While there is no universal definition of what constitutes a crypto asset or related terms such as digital asset or virtual asset, there is increasing consensus in the UK and abroad regarding the basic elements of such a definition.
The Bill includes a definition of “cryptoasset” for the UK’s financial services regulatory framework as being any cryptographically-secured digital representation of value or contractual rights that:
This definition has been drafted so as to capture all current types of cryptoasset. The definition underpins the powers HM Treasury has to specify activities within the Financial Services and Markets Act 2000 (Regulated Activities) Order 2001 (RAO) or to designate activities as part of the Designated Activities Regime (DAR) being legislated for in the Bill. It is similar to the definition of “cryptoasset” used in regulation 14A(3)(a) of the MLR, although the Bill’s definition refers to a wider range of underlying technology.
The Bill’s definition is also very similar to the definition of “cryptoasset” in the EU’s Markets in Cryptoassets legislation (MiCA), and shares some features with the definition of “virtual asset” in the Financial Action Task Force’s recommendations in its International Standards on Combating Money Laundering and the Financing of Terrorism & Proliferation. To react to future changes, the Bill’s definition of “cryptoasset” is accompanied by a power to update it by way of secondary legislation.
Developers need to be aware of the approaches taken by enforcement agencies as well as current (and possible future) law.
The National Crime Agency (NCA) has established the National Cyber Crime Unit (NCCU) Crypto Cell and is set to receive more resources to actively investigate cryptocurrency crime. This may well, depending on the precise nature of the investigations, cause issues for developers of crypto exchanges.
The approach taken so far by the FCA has been variable. A freedom of information request revealed that the FCA did not open any investigations between January 2021 and June 2022 into breaches of money laundering rules by crypto firms – even though January 2021 was when it became responsible for their supervision, with respect to those rules. However, the FCA now appears to be keen to identify and assess those who wish to register with it and is imposing high thresholds for doing so.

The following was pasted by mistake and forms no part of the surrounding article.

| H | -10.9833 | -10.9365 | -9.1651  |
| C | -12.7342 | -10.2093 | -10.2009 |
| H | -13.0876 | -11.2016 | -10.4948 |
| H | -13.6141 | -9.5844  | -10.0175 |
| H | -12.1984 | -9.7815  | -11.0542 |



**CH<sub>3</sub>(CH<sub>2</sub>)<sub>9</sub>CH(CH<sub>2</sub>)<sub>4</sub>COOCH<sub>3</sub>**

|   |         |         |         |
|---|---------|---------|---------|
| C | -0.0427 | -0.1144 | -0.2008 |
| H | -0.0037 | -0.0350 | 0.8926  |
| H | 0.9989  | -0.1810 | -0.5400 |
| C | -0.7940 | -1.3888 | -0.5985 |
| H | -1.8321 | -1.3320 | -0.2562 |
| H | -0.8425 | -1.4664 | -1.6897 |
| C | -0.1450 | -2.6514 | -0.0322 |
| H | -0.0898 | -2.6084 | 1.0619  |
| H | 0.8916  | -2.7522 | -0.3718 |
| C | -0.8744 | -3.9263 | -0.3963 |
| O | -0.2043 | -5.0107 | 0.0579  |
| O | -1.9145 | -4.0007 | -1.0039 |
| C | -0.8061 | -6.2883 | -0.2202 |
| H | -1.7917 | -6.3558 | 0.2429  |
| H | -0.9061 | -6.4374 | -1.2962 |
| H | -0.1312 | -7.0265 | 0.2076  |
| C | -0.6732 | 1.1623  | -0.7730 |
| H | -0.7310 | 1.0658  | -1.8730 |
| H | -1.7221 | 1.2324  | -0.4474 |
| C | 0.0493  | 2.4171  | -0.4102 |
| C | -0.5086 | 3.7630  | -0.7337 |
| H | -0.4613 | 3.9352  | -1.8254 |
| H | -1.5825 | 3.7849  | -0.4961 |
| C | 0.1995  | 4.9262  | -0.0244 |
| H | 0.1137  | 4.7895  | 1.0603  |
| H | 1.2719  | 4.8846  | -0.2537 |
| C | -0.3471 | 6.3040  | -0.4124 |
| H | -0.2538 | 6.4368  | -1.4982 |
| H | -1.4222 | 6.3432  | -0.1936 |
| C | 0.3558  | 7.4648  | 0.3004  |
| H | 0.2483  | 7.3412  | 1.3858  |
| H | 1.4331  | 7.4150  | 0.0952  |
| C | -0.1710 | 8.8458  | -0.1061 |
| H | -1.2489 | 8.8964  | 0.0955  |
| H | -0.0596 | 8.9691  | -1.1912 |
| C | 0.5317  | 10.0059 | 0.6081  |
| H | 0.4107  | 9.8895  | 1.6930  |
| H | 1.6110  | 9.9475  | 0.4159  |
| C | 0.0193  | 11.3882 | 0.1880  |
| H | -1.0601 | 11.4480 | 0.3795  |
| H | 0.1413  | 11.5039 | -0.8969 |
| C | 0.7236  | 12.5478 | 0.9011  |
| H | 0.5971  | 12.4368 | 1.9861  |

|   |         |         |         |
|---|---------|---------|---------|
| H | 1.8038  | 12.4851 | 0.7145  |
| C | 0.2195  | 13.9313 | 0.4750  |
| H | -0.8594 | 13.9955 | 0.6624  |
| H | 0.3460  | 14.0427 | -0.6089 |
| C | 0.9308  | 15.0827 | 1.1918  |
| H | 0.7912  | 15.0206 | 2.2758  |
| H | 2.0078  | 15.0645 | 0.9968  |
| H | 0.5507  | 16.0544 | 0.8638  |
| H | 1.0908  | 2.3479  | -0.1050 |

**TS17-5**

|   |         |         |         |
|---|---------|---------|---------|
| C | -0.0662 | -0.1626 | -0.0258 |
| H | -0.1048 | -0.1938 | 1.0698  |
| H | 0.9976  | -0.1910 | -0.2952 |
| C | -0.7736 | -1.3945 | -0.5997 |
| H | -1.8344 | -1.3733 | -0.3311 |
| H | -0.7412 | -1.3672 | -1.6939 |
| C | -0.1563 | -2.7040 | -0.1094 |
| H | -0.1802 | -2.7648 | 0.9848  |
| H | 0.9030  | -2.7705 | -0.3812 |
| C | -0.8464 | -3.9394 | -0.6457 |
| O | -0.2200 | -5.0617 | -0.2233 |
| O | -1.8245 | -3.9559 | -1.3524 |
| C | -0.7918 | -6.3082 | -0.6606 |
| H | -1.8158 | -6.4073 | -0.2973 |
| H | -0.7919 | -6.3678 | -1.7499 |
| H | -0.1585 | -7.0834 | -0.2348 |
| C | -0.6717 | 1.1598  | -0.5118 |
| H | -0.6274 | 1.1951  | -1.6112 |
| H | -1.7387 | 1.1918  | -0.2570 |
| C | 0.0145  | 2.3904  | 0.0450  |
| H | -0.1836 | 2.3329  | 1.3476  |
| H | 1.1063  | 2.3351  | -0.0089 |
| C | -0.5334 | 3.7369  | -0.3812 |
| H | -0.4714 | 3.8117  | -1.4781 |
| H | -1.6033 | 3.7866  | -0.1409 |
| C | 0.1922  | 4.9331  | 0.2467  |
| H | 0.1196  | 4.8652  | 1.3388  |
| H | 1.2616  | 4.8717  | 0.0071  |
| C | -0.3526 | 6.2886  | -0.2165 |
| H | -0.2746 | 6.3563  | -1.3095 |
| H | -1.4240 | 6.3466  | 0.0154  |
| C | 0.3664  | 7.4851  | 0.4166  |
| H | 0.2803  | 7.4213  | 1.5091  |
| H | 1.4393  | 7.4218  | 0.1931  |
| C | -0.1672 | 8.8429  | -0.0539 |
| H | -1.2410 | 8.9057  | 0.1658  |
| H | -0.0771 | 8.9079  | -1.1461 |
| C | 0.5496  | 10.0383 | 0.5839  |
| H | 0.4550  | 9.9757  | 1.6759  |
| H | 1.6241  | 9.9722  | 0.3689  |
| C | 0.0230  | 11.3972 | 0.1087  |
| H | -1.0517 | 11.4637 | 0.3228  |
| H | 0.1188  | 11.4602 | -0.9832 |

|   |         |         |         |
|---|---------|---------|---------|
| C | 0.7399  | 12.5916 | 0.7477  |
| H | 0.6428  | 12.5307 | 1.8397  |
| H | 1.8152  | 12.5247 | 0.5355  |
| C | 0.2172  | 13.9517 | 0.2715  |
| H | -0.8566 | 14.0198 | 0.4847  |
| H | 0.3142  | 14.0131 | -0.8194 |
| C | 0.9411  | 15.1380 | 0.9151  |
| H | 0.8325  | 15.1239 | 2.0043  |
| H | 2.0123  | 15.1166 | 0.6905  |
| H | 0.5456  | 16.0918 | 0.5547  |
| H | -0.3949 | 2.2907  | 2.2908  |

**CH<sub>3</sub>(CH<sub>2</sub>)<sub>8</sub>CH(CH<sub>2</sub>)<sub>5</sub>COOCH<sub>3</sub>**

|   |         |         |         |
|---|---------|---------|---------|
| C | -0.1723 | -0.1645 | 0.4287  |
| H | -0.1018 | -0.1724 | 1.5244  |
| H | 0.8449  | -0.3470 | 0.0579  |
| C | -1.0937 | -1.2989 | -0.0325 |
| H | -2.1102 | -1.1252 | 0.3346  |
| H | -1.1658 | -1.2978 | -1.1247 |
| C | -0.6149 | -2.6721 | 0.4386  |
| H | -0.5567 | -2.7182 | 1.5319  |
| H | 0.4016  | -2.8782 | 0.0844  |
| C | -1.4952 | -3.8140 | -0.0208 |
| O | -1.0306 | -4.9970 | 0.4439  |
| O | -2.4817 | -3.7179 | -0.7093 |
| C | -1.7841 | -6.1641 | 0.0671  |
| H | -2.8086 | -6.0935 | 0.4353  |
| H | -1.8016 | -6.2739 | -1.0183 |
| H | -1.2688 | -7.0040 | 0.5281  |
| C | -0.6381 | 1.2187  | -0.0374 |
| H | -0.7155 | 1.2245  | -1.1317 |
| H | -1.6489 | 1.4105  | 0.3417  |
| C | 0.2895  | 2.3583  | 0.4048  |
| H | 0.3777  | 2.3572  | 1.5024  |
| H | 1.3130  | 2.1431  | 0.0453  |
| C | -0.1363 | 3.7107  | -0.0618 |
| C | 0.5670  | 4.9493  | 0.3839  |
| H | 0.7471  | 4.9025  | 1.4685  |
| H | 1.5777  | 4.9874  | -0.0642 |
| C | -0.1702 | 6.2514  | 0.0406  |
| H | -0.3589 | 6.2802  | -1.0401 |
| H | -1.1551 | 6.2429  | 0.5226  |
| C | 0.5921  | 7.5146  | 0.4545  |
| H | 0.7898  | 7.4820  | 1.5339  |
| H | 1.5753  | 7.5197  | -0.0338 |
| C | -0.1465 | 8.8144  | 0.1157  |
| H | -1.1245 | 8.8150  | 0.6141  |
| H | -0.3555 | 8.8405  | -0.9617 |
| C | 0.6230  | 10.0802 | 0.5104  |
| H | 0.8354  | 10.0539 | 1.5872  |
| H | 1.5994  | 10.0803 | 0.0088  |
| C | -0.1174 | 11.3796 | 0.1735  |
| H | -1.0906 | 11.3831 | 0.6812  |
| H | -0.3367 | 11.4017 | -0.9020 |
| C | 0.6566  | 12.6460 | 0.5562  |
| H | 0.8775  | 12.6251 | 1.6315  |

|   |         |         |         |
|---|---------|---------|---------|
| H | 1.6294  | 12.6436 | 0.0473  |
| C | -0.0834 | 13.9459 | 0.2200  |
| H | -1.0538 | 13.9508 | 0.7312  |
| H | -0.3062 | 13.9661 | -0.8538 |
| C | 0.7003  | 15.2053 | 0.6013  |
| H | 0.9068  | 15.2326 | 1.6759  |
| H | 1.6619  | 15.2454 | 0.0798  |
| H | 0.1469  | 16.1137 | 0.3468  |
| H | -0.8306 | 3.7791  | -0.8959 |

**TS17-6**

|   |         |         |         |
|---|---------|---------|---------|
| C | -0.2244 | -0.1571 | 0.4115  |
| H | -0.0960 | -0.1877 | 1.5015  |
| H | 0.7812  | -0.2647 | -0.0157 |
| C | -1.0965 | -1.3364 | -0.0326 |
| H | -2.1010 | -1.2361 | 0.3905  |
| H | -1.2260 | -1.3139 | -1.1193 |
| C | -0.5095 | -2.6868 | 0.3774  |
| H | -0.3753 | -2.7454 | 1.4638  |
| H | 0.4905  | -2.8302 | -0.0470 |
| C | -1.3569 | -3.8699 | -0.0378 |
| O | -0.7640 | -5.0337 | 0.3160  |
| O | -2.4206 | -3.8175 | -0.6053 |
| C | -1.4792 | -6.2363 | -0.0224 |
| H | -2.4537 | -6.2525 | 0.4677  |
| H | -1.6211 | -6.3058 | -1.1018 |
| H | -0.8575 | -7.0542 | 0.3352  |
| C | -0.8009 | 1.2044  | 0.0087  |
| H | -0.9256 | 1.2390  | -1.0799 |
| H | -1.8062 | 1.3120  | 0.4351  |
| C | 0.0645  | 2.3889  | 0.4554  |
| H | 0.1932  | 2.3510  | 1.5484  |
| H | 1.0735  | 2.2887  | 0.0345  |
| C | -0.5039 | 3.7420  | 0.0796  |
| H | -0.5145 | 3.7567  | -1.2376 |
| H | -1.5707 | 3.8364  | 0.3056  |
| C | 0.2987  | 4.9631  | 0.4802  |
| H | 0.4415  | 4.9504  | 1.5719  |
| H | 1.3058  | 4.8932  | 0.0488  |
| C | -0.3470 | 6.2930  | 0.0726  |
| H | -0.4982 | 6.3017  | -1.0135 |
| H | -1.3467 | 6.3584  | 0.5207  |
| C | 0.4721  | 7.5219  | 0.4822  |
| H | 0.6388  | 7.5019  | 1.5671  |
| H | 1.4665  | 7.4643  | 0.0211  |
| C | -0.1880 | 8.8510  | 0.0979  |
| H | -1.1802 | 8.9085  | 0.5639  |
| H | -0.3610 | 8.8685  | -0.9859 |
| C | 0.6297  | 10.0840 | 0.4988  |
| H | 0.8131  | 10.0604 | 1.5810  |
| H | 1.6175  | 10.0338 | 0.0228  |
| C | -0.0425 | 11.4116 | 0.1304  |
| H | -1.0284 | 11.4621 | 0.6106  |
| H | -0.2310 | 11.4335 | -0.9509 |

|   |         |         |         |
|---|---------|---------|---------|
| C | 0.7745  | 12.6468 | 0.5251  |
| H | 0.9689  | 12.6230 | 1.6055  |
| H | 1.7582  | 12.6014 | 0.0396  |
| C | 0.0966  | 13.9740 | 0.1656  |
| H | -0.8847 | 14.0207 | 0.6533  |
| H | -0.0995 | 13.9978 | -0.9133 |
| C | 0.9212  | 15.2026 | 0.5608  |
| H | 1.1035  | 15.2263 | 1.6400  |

The amount of international co-operation between enforcement agencies investigating cryptocurrency is increasing notably. This has been seen in particular with regards to the late-2022 collapse of the FTX crypto exchange.
While the circumstances surrounding FTX’s demise could, arguably, be viewed as exceptional, what has happened in this case does highlight the willingness of law enforcement agencies across the globe to work in tandem. Given the cross-border nature of cryptocurrency exchanges, such co-operation is both vital and necessary.
Developers, therefore, must be aware that if they are seen to be facilitating any form of crime, there could be a number of law enforcement agencies in various jurisdictions that may be prepared to take action.
Angelika is a specialist in international, high-level economic crime investigations and large-scale commercial disputes. She has widely-recognised expertise in representing corporates and conglomerates in Europe, the Middle East, Africa and United States.